Two books have recently come into my life that make an interesting pair. I serendipitously read them back to back, which highlighted their interconnectedness.
The first, The Feminine Mystique, is Betty Friedan's classic from the 1960's about "the housewife syndrome." In it, Friedan highlighted the isolation and stagnation that was occurring in the lives of housewives as their husbands and children spent increasing amounts of time away from home and they themselves became little more than tools of consumption for the marketplace. The solution, to Friedan (and to entire generations of women), was to get out of the house, preferably with a career.
The second book, Radical Homemakers by Shannon Hayes, has just recently been published. Hayes's premise is that the two career family has us chasing our tails, having (or wanting) to purchase more and more to make our lives more efficient and more "meaningful," then needing to work more and/or work harder to make more money to pay for our purchases. This leaves us stressed out and overtired, with no time to enjoy the myriad of expensive things we've bought...or to simply enjoy each other and our homes. With our standard of living based on two salaries, it also leaves us as vulnerable or more vulnerable to economic chaos from unexpected job loss. Her solution is to return the family household to a unit of production, rather than solely of consumption, which requires commitment from all adults in the household and involves building community and interrelatedness. She herself has pursued this path, and she has researched 20 other "radical homemakers" from among the many who replied to her solicitation for guinea pigs when she began writing this book.
I read The Feminine Mystique first. As I worked my way through it, I kept thinking two things to myself: 1) "Why didn't I read this in college or in my 20's? I can so relate to these 1950's housewives! How sad is this that I've been so far behind in understanding what was happening to me?" and 2) "Friedan doesn't address childrearing and caretaking. Who's going to raise the children? Who's going to care for family members, both when they are sick and when they are well? Isn't there more to life than working?"
In the new introduction for her book, written by Betty Friedan in 1997, Friedan herself shares deep concerns over the fact that "two generations later" careers, both male and female, are still based on the model of the 1950's male with a stay-at-home wife to care for the home and children. So both working men and women are getting overworked and stressed out. Meanwhile, women are still getting paid less than 75% of what men earn for the same job, so employers are letting more men go and keeping the "cheaper" women. This is causing increased anger and hostility in men, who blame women in the workplace, rather than their employers, for their loss of money and prestige. Meanwhile, the ultra rich are getting richer and richer and nobody is really paying attention to that. It's much too easy to blame each other.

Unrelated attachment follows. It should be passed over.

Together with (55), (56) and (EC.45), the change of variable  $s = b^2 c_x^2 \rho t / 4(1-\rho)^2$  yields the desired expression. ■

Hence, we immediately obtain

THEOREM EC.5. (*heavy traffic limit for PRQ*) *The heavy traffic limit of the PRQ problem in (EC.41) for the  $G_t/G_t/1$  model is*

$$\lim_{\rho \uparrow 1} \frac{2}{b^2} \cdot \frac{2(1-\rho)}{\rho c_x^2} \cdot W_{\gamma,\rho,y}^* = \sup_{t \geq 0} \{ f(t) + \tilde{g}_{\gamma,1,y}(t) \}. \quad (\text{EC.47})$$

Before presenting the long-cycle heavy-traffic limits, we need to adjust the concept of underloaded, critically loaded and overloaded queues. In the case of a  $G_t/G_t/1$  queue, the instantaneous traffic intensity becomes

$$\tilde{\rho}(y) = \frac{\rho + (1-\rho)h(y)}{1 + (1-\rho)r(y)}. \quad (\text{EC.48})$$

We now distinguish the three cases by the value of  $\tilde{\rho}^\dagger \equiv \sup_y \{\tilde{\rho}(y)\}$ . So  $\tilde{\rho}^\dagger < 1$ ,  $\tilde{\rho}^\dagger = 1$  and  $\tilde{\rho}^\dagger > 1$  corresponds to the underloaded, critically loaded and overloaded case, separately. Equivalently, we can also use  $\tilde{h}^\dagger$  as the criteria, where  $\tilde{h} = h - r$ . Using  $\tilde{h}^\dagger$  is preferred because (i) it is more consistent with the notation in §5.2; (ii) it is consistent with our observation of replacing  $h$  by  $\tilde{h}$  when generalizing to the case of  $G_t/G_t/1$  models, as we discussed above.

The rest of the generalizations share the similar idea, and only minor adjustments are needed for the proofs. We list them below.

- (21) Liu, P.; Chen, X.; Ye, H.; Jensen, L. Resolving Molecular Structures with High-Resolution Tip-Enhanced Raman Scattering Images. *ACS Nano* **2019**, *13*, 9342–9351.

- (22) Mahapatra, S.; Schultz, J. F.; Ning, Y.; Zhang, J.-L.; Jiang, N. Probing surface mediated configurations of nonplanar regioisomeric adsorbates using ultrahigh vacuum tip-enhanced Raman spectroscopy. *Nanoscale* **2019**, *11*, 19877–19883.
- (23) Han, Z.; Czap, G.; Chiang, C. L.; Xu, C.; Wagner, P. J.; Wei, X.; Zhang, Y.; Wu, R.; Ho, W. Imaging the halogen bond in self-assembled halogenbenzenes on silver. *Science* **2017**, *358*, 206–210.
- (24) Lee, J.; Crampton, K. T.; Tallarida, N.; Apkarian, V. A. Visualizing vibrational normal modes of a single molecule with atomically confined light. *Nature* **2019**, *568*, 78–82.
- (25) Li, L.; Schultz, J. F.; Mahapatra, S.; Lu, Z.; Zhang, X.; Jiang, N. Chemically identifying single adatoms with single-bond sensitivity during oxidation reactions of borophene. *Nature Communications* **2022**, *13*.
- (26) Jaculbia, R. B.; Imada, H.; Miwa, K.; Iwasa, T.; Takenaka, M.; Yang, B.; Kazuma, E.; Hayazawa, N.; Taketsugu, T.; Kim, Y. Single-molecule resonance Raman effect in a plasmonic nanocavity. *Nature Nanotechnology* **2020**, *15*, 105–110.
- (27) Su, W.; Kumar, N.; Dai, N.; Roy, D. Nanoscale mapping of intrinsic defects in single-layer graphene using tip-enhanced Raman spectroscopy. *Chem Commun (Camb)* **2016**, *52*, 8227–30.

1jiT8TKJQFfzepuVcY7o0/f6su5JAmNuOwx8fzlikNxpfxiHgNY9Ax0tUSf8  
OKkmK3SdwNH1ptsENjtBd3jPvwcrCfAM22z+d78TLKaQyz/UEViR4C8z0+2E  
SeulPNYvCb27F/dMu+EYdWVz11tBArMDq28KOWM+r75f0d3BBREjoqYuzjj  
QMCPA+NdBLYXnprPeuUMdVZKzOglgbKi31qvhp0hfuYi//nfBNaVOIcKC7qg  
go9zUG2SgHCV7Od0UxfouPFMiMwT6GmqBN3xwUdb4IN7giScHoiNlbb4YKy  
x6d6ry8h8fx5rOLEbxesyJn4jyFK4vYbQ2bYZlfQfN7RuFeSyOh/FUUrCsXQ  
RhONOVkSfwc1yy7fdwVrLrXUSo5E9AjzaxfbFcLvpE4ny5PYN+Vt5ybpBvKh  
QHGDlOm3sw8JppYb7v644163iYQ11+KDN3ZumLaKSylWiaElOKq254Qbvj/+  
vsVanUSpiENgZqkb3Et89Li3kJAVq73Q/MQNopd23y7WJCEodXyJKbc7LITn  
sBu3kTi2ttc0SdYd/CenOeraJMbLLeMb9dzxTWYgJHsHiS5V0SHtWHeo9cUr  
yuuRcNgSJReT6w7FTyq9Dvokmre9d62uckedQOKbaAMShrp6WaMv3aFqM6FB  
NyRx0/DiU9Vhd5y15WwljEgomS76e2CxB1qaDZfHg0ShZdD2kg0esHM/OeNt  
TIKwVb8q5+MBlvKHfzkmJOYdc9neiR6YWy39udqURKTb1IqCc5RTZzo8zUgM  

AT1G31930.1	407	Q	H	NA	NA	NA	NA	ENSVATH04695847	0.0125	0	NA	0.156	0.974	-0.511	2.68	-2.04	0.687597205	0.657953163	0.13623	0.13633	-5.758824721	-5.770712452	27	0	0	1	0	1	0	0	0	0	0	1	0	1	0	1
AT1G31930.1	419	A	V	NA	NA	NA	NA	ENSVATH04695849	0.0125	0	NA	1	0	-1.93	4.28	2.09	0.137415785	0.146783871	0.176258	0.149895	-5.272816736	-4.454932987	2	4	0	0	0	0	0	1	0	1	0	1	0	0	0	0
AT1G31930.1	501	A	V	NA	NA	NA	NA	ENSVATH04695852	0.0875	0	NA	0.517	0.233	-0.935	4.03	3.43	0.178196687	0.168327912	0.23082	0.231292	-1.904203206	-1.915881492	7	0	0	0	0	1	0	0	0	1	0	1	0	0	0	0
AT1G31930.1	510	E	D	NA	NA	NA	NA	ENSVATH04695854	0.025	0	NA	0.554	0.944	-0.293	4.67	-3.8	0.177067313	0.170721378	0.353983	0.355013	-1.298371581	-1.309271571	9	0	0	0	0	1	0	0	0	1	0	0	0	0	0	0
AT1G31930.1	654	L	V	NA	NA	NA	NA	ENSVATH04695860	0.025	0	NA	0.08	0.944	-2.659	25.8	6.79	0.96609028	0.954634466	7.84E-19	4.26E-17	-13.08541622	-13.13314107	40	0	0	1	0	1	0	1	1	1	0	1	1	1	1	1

As I read Radical Homemakers, I kept thinking to myself, "Yes, this is what Greg and I were thinking over the years when we tried to produce some of our own food, keep our wants to a dull roar, and avoid getting too caught up in consumerism!" Hayes keeps in mind the lessons from The Feminine Mystique, warning of the absolute importance of interconnectedness and community building to help stave off the feeling of isolation. To keep radical homemakers mentally growing, she notes the requirement for self-learning that this path requires, since so many of these small-scale production skills are almost lost. She also touches upon the need to pursue personal and community interests, especially after radical homemaker has become comfortable with their productivity level.
As to why I was relating so strongly to "the housewife syndrome"? I think it was because of Greg's and my mobile lifestyle. Moving so often kept us from being able to develop the interconnectedness and sense of deep community that both supports and is a gift of the lifestyle. With Greg's job requiring long hours away from home, it was all too easy for me to get relatively isolated and lonely.
I find the radical homemakers' lifestyle very appealing...at least in theory! I am reminded of Greg's grandparents' life during the Depression in Oklahoma: they spent 10 years on a farm during the Dust Bowl. They were "dirt poor", but they raised 5 children and kept everyone fed and clothed without anyone having a paid job or being responsible to an employer. It was obviously hard work, and they chose to leave the farm when World War II gave them other options (and their children began leaving home), but they survived. In fact, their son doesn't even remember feeling particularly poor during those Depression years - "There were a lot of others worse off than we were."
I do some of the lifestyle already - I garden and can, at least a little. I prefer shopping at local businesses, antique shops and thrift stores to buying from big box stores. I watch little TV and pay even less attention to the ads. At least in part, our cars were chosen for their mileage, and they are far from new. I am not known for keeping up with the fashion industry. :-) There's obviously a lot more I (we) could do, but for now I'm grateful to know there are others who value some of the same things we value.
Serendipity shines again!